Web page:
Maybe. However, whether I fit better into AS or HFA could be disputed, so why not give a broader term that encompasses both?


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09 May 2008, 1:47 am

I would probably say I have Aspergers rather than Autism. But I have never really revealed it to anybody so I cannot say what would happen.


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Danielismyname
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09 May 2008, 2:11 am

Orwell wrote:
...so why not give a broader term that encompasses both?


If you wish to (people can say whatever they want, of course).

I, personally, say ASD; Autism/Autistic Spectrum Disorder. It removes all of the stereotypes people know, i.e., nonverbal for autism, and whatever the current one is for Asperger's. This includes it all, Rett's to BAP.

For accuracy, if one has "HFA", it's probably more descriptive to use Autistic Disorder; HFA and LFA are closer to each other than AS and HFA are in appearance (this is if you're in the US with its use of the DSM-IV-TR). Otherwise, many people lump them in together in Europe and Australia (anything over a certain IQ/speech threshold as an adult hits AS).



kip
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09 May 2008, 2:32 am

I usually say I have a more mild form of Autism and explain that the major problem is with social situations. Usually shuts people up.



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09 May 2008, 2:48 am

I don't say either - I just say "my brain works in a different way to most people's" & they don't have any trouble understanding that concept because it is pretty obvious from my behaviour anyway!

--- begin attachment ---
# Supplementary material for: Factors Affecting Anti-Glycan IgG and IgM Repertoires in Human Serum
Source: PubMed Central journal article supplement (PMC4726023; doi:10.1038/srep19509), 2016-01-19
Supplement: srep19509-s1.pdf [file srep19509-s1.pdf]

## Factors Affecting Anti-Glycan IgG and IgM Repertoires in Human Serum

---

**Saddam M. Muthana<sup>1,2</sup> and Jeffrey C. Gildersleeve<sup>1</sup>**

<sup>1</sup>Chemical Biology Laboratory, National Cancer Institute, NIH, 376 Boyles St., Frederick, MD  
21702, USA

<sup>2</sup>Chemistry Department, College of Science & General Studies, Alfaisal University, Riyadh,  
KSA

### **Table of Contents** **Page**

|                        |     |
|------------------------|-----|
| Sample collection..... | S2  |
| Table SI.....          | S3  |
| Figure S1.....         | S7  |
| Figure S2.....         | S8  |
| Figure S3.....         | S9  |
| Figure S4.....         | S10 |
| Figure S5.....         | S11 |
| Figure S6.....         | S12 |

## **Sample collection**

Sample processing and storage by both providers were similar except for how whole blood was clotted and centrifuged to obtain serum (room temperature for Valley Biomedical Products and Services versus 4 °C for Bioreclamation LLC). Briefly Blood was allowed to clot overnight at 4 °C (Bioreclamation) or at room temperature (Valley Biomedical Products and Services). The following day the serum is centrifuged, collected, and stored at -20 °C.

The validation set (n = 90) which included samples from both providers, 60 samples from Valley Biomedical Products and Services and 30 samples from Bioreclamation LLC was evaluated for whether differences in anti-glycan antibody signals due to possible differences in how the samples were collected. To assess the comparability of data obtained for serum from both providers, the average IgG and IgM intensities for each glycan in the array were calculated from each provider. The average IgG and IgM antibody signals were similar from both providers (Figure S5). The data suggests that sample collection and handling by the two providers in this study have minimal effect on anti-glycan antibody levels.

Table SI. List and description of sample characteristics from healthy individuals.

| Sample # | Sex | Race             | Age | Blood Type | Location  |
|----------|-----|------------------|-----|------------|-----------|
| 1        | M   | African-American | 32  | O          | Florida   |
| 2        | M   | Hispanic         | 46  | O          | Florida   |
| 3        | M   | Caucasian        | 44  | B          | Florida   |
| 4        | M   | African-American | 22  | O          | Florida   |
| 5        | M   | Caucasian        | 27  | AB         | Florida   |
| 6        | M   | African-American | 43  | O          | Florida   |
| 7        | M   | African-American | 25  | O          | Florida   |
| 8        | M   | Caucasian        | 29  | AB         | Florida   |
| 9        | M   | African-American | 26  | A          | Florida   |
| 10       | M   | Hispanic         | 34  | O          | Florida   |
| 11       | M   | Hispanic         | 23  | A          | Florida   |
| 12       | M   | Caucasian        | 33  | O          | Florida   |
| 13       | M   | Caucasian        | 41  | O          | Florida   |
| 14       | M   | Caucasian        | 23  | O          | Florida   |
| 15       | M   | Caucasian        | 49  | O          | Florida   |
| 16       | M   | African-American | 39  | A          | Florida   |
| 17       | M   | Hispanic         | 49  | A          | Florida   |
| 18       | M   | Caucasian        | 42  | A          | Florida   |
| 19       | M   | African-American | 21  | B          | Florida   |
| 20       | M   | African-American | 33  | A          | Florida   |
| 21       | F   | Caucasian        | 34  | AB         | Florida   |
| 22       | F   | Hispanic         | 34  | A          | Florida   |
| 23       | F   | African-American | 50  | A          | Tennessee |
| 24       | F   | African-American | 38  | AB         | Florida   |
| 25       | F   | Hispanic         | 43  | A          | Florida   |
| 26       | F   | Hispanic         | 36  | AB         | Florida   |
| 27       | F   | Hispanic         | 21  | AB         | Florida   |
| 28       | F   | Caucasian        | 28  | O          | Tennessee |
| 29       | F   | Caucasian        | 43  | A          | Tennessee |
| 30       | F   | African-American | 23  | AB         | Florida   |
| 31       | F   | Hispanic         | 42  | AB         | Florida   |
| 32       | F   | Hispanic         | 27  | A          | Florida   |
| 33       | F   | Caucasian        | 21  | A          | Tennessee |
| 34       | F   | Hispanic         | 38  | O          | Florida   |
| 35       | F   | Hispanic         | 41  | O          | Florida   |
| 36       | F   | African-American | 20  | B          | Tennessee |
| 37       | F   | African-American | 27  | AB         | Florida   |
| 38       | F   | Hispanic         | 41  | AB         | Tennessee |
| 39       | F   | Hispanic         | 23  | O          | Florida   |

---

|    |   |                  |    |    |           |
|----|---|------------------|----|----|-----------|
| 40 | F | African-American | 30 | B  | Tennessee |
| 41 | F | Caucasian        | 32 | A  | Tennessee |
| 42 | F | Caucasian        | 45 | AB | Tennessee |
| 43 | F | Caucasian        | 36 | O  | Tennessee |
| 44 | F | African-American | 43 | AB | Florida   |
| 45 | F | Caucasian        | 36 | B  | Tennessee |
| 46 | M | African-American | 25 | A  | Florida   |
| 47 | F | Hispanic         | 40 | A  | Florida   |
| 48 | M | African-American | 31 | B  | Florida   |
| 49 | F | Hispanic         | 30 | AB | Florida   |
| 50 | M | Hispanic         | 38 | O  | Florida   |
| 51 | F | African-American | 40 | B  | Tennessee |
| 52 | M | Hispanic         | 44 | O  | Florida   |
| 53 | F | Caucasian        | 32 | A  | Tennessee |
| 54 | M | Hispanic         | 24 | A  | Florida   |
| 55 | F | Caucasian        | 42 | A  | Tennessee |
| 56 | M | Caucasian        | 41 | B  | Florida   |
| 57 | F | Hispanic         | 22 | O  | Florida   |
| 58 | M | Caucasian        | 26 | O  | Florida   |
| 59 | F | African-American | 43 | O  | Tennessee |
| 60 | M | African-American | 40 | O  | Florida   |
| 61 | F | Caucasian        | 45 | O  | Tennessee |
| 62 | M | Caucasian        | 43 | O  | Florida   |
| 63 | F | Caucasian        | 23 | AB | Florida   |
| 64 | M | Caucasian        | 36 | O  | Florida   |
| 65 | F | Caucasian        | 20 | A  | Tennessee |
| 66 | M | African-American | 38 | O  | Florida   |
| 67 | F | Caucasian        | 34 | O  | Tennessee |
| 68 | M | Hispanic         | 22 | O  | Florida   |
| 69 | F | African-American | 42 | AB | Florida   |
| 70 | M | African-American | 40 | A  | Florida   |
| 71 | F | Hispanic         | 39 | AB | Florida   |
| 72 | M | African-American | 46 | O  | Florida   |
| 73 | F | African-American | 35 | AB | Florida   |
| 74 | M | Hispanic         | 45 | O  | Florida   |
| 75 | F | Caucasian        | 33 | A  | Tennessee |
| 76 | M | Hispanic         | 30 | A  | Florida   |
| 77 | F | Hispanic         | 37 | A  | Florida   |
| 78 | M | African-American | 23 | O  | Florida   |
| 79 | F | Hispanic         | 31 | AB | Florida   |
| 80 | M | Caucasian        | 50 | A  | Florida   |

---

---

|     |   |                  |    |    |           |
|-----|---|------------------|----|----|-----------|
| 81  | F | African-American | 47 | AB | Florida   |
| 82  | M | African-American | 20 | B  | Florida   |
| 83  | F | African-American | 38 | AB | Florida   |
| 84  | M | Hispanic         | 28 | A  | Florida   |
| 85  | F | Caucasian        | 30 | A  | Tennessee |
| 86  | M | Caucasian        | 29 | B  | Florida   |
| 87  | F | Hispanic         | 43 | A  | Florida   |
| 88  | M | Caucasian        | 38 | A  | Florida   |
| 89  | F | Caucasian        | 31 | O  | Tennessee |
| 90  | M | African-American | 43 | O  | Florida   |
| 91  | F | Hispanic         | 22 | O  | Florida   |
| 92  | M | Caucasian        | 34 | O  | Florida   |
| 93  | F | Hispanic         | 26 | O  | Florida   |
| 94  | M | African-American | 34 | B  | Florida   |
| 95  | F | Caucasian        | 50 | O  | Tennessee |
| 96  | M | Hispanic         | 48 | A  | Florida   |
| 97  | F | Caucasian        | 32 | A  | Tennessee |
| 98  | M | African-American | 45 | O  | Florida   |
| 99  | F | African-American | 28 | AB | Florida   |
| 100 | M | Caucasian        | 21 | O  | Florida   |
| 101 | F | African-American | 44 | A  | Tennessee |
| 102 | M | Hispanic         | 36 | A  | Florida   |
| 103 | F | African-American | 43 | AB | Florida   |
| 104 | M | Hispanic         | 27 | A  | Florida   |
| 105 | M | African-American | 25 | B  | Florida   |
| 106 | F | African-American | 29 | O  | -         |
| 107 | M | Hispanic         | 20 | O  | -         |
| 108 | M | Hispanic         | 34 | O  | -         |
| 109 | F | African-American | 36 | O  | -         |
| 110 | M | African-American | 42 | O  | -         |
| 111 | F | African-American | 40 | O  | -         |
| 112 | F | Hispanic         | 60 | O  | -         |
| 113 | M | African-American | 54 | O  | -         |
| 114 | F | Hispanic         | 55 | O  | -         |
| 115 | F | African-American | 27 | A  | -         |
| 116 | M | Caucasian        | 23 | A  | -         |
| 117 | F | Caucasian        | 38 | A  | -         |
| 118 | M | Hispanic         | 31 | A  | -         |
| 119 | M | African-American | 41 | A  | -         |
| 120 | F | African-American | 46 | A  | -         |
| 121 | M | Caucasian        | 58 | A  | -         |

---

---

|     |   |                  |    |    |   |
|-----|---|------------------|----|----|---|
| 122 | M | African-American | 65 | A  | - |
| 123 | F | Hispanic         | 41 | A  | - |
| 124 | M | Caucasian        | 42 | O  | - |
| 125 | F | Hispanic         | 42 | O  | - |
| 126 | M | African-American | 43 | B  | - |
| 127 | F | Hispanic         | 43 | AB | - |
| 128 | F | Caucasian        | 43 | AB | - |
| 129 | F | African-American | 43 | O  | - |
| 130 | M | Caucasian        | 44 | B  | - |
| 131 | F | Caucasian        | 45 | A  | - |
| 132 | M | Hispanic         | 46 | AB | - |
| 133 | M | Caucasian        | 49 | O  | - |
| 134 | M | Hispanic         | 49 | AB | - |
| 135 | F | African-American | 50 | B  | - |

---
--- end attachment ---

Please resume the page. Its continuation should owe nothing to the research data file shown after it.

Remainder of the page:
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09 May 2008, 6:11 am

i say aspergers sydrome which is a mild form of autism, when i tell people about it, which is very rare.

i was diagnosed with classic autism as a kid then someone else i saw about it diagnosed me with AS.



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09 May 2008, 6:52 am

JasonWilkes wrote:
Technically: yes. When talking to the average person, I'd say: no.

Vernacular speech often differs from the specialized mini-languages that develop in certain subcultures or highly specialized academic fields.

For example: The word "Atheist".
In vernacular, everyday speech, most people interpret the word to refer to a person who believes that there is no god (i.e. a belief, or assertion, of a negative), whereas almost every writer, philosopher, etc. who calls him/her self an "Atheist", actually holds closer to the position that the average person would call "Agnostic" -- (i.e. a lack of belief in a god or gods, but not an assertion of either a negative or positive stance).

So while technically, Asperger's is a form of Autism, saying so to anyone who doesn't already know a lot about AS would probably serve more to misinform than to inform.

:wink:


You are certainly right:

a=without
theist=belief in god

Without belief in god

Unfortunately, many believe that "no belief in god" means "belief of no god".

One thing I ALWAYS hated was:

inflammable! What the HELL does THAT mean!?!? in=not! flammable=able to catch fire! So OBVIOUSLY inflammable doesn't mean able to catch fire because, even if it did, they would STILL say flammable because it is clearer, shorter, etc....

YET, inflammable DOES mean flammable! SO, although I would NEVER say "inflammable"(It is a MORONIC word, it is deceptive and gives you NOTHING that a part of it "flammable" would give you.), I have to recognize what it COULD mean. SOME might use it to mean NON flammable though! :evil:

Likewise, atheist has an understood meaning EVEN if it is TRULY incorrect.



Reodor_Felgen
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09 May 2008, 7:07 am

I prefer the term Asperger's. Allthough many people don't know what this is, they don't associate it with Rain Man.